Is it possible to depict domestic violence in a fashion editorial without glamourizing it?
This is the #1 question running through my mind as I took in the grisly images pulled from the April 2014 cover spread for Vogue Italia. No stranger to controversy, the editor-in-chief of Vogue Italia (as well as Conde Nast Italia), Franca Sozzani has been applauded for tackling big issues—and criticized for doing it badly—between the pages of Vogue. What’s making people take notice is the fact that fashion isn’t typically thought of as the appropriate arena for frank discussions on race, women’s rights, environmental issues, plastic surgery, and substance abuse. How can it be when the primary goal of fashion is commerce, and when the industry itself is rampant with privileged elites and out-of-touch millionaires? As much as we believe fashion is art and that at its best, it has great potential for change, there’s something really distasteful about piggybacking on the hot topic of the week for the purpose of moving subscription numbers and increasing ad revenue. Sure, fashion subsists on trends. But for the people who must live through these disturbing “trends” year after year, maybe it doesn’t feel that great to know your pain is helping rich editors and designers get richer. Perhaps it’s an especially low blow to see an itemized list of what the models who are portraying your struggle are sporting in the images, the costs of these items completely unattainable for average and below-average groups.
The thing I always found interesting about Franca Sozzani is her non-fashion academic background. Studying philosophy and Russian and German theology in university, Sozzani has been unrelenting in her push to spotlight issues of “substance” inside the world of fashion. In interviews, her passion to increase awareness and inspire debate is admirable and her motivations seem pure. But she is a product of her environment, and it’s no coincidence she’s from a country notorious for its sexism. During her interview with The Independent, I was struck by how casually she shrugged off the problematic implications of having a male photographer shoot female victims of violence. It makes me question how deeply she considered public perceptions of this editorial, or more importantly, how sensitive she is to the feelings of victims of domestic violence. She might think by having a domestic violence photo shoot take on the feel of a horror film, she’s calling attention to the horrors of real life. I would argue that by making it cinematic, it lends the images an element of cartoonish fantasy, thereby robbing it of a very necessary sense of realism. After all, it’s a lot easier to ignore the seriousness of something when there’s a perceived distance between it and reality.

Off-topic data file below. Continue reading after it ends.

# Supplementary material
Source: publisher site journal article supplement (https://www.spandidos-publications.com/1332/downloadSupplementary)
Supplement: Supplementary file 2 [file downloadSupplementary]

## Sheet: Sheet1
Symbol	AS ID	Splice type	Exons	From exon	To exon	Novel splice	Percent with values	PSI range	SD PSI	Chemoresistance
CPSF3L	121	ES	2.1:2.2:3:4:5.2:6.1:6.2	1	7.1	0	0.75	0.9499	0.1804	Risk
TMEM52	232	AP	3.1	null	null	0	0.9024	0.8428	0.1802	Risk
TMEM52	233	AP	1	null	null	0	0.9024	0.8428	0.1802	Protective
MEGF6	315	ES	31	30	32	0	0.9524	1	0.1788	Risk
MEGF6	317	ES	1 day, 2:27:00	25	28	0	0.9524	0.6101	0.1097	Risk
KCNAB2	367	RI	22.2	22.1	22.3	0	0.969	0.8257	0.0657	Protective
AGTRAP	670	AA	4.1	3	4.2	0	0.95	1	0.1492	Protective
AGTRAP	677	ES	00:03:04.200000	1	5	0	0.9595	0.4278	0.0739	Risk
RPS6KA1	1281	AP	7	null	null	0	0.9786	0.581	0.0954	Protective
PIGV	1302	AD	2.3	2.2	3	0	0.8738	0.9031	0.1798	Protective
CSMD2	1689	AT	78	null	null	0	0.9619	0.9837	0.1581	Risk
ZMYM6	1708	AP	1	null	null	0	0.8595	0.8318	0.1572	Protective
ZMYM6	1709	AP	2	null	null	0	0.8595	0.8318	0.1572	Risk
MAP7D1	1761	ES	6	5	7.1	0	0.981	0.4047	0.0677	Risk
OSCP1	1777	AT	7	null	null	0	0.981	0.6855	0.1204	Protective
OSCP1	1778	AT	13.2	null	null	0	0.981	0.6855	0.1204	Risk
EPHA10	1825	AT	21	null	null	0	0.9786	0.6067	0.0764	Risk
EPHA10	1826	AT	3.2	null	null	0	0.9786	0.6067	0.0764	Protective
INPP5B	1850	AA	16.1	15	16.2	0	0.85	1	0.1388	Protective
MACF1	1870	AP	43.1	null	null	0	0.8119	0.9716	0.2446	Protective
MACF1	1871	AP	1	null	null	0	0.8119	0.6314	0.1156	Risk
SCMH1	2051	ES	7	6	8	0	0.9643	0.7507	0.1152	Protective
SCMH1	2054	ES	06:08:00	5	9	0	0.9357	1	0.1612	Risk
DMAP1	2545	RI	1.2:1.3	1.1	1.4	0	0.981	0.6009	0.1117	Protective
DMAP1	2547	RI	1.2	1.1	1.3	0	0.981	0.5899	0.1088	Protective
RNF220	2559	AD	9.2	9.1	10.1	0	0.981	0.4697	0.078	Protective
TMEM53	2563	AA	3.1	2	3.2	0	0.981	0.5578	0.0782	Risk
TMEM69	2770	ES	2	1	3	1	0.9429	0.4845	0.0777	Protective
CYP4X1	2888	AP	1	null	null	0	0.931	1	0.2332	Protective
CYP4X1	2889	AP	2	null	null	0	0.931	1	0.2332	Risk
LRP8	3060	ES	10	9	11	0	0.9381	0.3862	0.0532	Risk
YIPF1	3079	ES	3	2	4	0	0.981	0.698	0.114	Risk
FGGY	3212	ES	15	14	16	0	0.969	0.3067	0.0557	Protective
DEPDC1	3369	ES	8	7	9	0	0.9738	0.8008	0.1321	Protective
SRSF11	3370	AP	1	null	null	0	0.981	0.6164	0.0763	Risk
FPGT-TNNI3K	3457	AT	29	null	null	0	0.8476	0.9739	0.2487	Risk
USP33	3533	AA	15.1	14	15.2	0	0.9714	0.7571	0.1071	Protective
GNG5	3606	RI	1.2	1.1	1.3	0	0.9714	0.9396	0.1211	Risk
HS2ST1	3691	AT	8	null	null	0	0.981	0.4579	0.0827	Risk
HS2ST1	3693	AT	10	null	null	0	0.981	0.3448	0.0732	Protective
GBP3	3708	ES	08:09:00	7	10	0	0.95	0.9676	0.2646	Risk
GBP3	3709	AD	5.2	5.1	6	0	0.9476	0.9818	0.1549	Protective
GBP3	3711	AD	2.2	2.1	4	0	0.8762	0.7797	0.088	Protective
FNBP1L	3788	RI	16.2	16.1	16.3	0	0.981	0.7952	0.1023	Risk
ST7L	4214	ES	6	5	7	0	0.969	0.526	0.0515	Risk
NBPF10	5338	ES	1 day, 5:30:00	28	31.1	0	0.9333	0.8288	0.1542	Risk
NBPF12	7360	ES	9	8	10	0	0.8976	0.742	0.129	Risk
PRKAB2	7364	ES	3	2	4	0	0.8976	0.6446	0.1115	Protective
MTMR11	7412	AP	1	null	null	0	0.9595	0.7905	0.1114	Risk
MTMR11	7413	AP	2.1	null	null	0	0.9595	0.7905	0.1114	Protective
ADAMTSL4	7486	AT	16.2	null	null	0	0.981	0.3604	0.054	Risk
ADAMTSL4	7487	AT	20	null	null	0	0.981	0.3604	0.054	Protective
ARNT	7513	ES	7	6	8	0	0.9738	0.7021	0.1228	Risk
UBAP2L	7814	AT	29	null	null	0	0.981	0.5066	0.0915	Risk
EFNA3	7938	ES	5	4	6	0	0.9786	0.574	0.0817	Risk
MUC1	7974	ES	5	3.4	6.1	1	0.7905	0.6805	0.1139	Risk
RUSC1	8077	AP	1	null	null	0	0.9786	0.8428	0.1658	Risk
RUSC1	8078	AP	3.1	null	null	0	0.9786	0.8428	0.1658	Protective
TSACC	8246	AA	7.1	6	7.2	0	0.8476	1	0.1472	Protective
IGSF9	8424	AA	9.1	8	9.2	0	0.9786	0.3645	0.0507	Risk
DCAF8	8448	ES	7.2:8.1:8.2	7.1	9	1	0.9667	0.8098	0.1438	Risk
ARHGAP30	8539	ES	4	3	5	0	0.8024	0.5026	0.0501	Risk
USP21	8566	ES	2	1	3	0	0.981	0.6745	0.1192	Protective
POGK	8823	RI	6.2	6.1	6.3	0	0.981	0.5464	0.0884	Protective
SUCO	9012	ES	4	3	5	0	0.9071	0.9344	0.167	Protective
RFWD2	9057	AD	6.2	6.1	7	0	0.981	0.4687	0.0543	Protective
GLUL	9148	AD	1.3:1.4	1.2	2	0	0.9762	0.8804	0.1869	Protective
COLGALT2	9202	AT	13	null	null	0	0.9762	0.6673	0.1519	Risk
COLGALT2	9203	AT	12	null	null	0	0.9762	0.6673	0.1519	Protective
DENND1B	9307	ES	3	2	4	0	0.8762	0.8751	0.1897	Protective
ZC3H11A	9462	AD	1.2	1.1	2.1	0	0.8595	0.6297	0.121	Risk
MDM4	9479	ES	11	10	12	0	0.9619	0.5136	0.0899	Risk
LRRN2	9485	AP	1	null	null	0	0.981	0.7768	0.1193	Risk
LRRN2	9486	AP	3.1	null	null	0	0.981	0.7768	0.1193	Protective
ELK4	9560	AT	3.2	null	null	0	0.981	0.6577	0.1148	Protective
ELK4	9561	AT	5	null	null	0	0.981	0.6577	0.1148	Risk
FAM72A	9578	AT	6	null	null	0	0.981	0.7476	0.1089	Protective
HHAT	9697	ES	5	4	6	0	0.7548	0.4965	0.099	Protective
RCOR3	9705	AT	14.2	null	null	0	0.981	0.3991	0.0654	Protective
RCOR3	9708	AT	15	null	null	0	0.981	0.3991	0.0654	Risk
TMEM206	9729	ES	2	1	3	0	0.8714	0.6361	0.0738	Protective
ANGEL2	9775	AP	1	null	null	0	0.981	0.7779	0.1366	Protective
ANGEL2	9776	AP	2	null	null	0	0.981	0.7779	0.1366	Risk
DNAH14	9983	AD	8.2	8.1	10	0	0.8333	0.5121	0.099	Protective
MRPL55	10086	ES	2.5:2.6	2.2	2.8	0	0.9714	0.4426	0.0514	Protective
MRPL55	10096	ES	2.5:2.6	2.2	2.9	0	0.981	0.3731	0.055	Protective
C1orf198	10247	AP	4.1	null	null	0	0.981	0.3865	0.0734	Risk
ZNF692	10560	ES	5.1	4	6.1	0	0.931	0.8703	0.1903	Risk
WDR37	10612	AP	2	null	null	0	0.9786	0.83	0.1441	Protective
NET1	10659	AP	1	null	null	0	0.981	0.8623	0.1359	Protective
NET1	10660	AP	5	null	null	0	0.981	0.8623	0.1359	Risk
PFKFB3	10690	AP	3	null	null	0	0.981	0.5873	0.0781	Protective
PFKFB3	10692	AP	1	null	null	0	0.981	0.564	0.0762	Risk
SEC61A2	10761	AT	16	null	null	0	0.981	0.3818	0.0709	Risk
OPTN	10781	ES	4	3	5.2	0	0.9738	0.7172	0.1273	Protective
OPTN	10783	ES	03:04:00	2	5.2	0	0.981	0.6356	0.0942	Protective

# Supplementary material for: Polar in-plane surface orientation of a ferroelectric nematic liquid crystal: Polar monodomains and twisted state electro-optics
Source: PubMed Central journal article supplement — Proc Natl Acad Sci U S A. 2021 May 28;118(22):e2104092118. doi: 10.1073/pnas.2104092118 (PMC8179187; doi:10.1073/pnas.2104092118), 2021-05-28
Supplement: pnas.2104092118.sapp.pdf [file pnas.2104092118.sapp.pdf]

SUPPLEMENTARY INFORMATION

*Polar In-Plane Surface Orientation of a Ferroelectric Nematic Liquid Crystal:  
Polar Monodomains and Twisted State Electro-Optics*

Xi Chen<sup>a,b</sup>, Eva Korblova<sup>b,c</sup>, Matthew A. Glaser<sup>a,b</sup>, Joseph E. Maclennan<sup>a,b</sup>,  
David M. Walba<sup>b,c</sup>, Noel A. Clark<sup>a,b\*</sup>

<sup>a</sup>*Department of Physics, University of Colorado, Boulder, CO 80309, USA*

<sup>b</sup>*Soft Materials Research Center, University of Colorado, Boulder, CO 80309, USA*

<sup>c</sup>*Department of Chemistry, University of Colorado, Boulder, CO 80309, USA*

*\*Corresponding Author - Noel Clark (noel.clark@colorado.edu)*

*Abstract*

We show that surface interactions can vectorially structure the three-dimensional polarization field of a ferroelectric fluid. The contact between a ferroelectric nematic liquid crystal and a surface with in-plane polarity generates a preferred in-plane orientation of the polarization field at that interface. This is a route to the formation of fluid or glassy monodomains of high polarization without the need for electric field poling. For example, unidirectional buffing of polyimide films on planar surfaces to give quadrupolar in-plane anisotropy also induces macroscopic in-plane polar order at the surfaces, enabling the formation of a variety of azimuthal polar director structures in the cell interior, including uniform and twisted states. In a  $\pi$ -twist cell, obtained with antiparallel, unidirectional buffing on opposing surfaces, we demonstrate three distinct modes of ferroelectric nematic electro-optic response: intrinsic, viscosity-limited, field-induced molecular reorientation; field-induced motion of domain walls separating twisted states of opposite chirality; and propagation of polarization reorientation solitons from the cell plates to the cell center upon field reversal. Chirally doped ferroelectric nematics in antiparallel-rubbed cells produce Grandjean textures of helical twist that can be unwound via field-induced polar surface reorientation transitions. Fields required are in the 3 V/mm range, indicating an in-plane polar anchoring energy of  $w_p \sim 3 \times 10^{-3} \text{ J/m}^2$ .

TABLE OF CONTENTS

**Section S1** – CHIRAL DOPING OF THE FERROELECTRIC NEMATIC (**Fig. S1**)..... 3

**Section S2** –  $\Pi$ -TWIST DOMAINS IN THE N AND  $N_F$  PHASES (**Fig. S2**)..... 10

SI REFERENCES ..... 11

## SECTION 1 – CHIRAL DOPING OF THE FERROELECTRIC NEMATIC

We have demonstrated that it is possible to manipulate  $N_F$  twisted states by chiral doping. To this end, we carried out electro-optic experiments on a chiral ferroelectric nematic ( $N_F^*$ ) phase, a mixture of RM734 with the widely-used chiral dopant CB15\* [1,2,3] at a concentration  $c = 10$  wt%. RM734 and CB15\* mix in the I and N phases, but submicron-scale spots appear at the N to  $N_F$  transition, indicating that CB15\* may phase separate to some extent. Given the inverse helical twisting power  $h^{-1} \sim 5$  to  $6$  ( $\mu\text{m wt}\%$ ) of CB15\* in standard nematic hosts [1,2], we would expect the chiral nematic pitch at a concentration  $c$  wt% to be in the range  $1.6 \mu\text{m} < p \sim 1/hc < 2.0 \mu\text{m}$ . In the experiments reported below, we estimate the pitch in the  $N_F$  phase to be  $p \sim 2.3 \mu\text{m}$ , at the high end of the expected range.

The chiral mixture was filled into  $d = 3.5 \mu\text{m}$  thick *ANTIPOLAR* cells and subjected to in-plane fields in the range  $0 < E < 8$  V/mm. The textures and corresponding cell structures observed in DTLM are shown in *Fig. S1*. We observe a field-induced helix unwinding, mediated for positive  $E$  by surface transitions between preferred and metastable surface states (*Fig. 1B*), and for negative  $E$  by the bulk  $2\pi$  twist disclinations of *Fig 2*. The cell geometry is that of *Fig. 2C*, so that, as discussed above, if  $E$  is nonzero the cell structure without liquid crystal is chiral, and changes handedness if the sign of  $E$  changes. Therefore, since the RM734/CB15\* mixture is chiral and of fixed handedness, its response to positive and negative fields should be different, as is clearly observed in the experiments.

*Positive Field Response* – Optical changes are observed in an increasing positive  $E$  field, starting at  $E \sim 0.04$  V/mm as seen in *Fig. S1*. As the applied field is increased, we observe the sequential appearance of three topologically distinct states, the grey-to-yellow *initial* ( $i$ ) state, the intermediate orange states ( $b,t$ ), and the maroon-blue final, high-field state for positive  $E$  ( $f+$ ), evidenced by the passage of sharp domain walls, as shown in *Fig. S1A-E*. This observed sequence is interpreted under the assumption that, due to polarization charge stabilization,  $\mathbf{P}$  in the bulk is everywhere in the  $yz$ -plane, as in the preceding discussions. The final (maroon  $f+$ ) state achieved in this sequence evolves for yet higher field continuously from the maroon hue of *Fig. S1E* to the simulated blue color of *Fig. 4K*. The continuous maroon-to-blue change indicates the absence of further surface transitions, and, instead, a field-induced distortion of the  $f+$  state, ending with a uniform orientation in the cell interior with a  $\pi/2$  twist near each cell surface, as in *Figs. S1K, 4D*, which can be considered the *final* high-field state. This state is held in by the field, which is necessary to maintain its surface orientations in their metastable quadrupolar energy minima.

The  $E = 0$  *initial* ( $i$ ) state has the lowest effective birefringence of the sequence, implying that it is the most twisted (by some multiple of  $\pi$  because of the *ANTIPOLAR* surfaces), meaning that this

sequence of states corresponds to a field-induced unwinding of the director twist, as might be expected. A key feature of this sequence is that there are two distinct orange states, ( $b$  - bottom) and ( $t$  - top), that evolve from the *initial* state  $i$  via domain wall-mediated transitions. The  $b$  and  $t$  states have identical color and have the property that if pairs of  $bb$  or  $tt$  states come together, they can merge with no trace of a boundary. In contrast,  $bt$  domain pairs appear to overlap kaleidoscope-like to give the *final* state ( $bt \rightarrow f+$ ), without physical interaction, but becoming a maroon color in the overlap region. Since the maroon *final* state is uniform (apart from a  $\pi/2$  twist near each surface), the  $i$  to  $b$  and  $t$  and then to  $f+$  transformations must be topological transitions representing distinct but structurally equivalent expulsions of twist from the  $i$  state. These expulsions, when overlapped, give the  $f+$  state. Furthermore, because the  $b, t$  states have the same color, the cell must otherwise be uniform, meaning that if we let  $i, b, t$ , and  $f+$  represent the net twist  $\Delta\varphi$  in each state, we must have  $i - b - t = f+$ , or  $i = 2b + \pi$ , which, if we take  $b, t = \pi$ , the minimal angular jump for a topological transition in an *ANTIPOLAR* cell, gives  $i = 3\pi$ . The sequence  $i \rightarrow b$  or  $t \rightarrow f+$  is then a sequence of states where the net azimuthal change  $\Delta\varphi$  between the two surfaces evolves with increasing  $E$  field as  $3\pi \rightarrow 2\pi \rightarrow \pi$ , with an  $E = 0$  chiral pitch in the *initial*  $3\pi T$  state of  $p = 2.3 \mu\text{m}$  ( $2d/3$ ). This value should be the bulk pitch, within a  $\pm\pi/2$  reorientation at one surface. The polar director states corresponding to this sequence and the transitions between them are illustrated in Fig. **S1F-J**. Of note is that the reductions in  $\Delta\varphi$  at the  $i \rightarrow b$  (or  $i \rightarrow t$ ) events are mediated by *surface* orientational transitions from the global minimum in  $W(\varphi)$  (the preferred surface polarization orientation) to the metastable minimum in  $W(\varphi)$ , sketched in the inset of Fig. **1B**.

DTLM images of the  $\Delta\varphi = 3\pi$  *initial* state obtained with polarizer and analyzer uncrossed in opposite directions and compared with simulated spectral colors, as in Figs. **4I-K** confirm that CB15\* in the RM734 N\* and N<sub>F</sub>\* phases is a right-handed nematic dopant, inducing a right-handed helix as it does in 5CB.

Sozzani has stated that the purpose of this editorial is to bring awareness. How’s that for useless? Domestic abuse exists, guys. I doubt you can find a single doofus who isn’t aware of this fact. If she wanted to bring awareness to the horrifying statistics of how many women die each year in Italy from domestic abuse, she would have had to do more than just dress a few screaming models in Prada and fake blood. Perhaps it would have made a more positive impact if she’d donated her earnings from the April issue to a domestic abuse non-profit.
Additional research by shhrug